How It Works

Spacex Dragon capsule

The first-ever commercial spacecraft to leave and return to Earth explained

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When the NASA Space Shuttle was retired in 2011, several different companies competed to become NASA’S new choice for cargo and crew transporta­tion to the Internatio­nal Space Station (ISS) – and possibly beyond.

In 2006 and 2008 NASA awarded the private company Spacex two contracts totalling roughly $2 billion (£1.59 billion), paving the way for the Dragon capsule to complete its first successful orbit and re-entry in December 2010.

Powered by a combinatio­n of solar panels and an advanced lithium battery, the Dragon capsule is large, allowing for the transporta­tion of up to seven crew members or up to six tonnes of cargo. It uses 18 liquid-fuel thrusters equipped with dinitrogen tetroxide and mono methyl hydrazine to manoeuvre while in orbit. Like NASA’S Orion, the conical shape of the Dragon capsule is deemed the best for Earth re-entry, while also allowing for a sizeable interior.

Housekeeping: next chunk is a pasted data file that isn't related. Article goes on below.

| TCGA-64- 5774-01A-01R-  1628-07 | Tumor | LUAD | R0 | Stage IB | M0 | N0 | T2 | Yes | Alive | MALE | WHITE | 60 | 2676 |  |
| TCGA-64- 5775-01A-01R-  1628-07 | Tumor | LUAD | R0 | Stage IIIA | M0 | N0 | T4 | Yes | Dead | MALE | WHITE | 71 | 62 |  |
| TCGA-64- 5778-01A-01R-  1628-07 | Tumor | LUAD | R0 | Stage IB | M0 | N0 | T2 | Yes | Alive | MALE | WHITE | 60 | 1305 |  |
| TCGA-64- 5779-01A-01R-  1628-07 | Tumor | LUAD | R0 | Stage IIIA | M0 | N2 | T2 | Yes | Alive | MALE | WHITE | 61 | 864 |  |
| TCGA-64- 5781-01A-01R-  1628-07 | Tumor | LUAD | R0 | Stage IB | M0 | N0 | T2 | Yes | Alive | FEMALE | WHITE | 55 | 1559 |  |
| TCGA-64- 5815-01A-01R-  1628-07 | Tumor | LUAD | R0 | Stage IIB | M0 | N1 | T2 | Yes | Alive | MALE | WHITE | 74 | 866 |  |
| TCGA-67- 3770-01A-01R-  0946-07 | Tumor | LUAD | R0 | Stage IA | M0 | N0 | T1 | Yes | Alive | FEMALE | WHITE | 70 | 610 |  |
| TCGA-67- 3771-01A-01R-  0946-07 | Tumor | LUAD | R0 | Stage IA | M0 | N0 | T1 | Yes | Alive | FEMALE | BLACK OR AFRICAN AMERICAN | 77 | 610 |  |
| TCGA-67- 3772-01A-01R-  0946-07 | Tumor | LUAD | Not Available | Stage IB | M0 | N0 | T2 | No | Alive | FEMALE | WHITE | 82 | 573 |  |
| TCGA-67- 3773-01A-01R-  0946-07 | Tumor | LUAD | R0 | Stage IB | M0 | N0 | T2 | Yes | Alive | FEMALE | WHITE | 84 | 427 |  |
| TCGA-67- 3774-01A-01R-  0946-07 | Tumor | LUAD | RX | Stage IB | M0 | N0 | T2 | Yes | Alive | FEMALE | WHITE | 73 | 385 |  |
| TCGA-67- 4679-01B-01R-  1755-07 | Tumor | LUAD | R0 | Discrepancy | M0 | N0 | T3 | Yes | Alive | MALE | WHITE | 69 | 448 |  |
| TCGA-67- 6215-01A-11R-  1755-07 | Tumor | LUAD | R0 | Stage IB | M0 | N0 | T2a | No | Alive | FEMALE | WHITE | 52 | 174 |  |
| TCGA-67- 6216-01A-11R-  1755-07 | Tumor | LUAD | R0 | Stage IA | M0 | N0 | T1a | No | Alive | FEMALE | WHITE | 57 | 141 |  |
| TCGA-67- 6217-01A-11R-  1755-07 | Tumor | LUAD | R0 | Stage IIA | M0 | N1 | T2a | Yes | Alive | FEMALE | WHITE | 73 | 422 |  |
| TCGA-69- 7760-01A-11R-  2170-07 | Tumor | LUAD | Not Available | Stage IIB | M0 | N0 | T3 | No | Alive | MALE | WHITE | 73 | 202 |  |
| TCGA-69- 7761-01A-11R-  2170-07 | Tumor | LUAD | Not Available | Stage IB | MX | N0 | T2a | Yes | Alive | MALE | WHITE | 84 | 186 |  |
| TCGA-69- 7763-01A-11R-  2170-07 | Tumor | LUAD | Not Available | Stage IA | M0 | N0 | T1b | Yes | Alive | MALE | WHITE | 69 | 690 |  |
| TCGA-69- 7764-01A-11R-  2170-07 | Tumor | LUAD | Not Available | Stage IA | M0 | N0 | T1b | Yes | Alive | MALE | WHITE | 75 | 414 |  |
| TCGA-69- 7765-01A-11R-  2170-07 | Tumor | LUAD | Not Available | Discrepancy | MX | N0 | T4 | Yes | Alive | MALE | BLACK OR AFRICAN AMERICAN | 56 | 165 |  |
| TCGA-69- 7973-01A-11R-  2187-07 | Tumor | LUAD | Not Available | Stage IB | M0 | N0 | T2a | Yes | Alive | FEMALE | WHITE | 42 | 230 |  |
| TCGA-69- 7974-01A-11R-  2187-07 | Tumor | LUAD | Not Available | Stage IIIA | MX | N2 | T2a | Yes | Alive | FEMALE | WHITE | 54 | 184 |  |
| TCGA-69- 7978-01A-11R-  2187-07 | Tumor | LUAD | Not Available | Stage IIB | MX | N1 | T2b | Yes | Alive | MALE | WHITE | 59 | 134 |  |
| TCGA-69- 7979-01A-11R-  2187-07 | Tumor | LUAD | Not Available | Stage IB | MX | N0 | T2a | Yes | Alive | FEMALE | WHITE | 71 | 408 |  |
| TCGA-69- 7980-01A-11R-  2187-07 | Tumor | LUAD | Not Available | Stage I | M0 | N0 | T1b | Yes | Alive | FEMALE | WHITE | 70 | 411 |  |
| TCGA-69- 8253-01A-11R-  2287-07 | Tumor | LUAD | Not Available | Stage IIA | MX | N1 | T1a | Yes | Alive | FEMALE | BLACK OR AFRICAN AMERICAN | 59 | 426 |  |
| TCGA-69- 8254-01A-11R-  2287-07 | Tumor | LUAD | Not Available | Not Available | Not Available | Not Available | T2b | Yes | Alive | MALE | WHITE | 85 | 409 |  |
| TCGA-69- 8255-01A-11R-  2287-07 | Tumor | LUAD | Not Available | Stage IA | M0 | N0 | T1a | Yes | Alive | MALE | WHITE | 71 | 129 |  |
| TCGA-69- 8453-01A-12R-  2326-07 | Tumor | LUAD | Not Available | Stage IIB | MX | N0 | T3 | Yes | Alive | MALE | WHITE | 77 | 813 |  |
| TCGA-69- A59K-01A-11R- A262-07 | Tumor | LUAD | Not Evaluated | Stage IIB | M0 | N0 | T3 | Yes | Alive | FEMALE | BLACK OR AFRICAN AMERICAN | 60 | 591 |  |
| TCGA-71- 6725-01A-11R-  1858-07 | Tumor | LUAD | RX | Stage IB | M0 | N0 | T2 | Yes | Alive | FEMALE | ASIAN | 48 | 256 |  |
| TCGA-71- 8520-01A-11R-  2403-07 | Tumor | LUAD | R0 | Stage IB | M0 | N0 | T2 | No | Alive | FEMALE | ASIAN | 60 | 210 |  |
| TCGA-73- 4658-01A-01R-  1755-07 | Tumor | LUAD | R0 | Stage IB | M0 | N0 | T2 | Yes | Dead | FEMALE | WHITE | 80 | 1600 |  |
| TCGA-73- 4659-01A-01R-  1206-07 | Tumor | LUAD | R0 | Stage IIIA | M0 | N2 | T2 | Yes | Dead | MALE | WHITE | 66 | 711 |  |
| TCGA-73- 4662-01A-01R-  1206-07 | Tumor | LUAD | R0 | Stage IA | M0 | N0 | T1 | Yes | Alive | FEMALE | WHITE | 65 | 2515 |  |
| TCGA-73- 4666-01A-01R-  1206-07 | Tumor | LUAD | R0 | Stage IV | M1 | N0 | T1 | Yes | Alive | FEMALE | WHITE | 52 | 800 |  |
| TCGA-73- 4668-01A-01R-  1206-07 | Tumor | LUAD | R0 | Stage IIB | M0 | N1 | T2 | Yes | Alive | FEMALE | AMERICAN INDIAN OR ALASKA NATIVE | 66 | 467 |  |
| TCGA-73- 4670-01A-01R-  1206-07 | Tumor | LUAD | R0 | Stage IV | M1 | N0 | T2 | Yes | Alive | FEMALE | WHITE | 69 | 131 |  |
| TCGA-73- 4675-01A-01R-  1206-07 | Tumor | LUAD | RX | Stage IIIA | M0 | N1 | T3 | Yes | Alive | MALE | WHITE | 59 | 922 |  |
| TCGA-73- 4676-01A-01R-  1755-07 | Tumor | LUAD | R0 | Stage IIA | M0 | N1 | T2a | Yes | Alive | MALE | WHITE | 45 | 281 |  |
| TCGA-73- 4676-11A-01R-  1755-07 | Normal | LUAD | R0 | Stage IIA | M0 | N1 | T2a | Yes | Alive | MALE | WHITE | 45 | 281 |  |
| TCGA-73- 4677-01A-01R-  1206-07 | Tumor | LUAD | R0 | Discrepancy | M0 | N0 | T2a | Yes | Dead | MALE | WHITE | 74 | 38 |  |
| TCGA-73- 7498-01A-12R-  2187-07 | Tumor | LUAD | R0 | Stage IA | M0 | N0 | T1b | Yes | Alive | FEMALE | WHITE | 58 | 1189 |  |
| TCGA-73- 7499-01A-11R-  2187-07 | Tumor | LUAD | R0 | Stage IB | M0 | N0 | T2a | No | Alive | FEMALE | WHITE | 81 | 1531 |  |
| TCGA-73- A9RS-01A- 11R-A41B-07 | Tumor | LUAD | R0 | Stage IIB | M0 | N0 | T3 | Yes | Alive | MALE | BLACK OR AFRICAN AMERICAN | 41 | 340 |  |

One of its defining features is a variant of NASA’S Phenolic-impregnate­d Carbon Ablator (PICA) heat shield. Spacex’s PICA-X heat shield advances on NASA’S design in a number of places, notably its significan­tly reduced cost and added reusabilit­y. This allows it to be used hundreds of times, whereas NASA’S currently does not survive its flight. This shield protects the capsule as it re-enters Earth’s atmosphere at several thousand degrees and keeps the interior close to room temperatur­e.

Three oversized parachutes slow its descent to Earth, although it can operate on only one if the other two should fail. The capsule has to land in water. The last flight of Dragon’s first iteration touched down in the Atlantic Ocean off the coast of Florida after ferrying supplies to the ISS on 7 March 2020. Resupply missions – as well as missions delivering crew – will now be taken over by Dragon 2.

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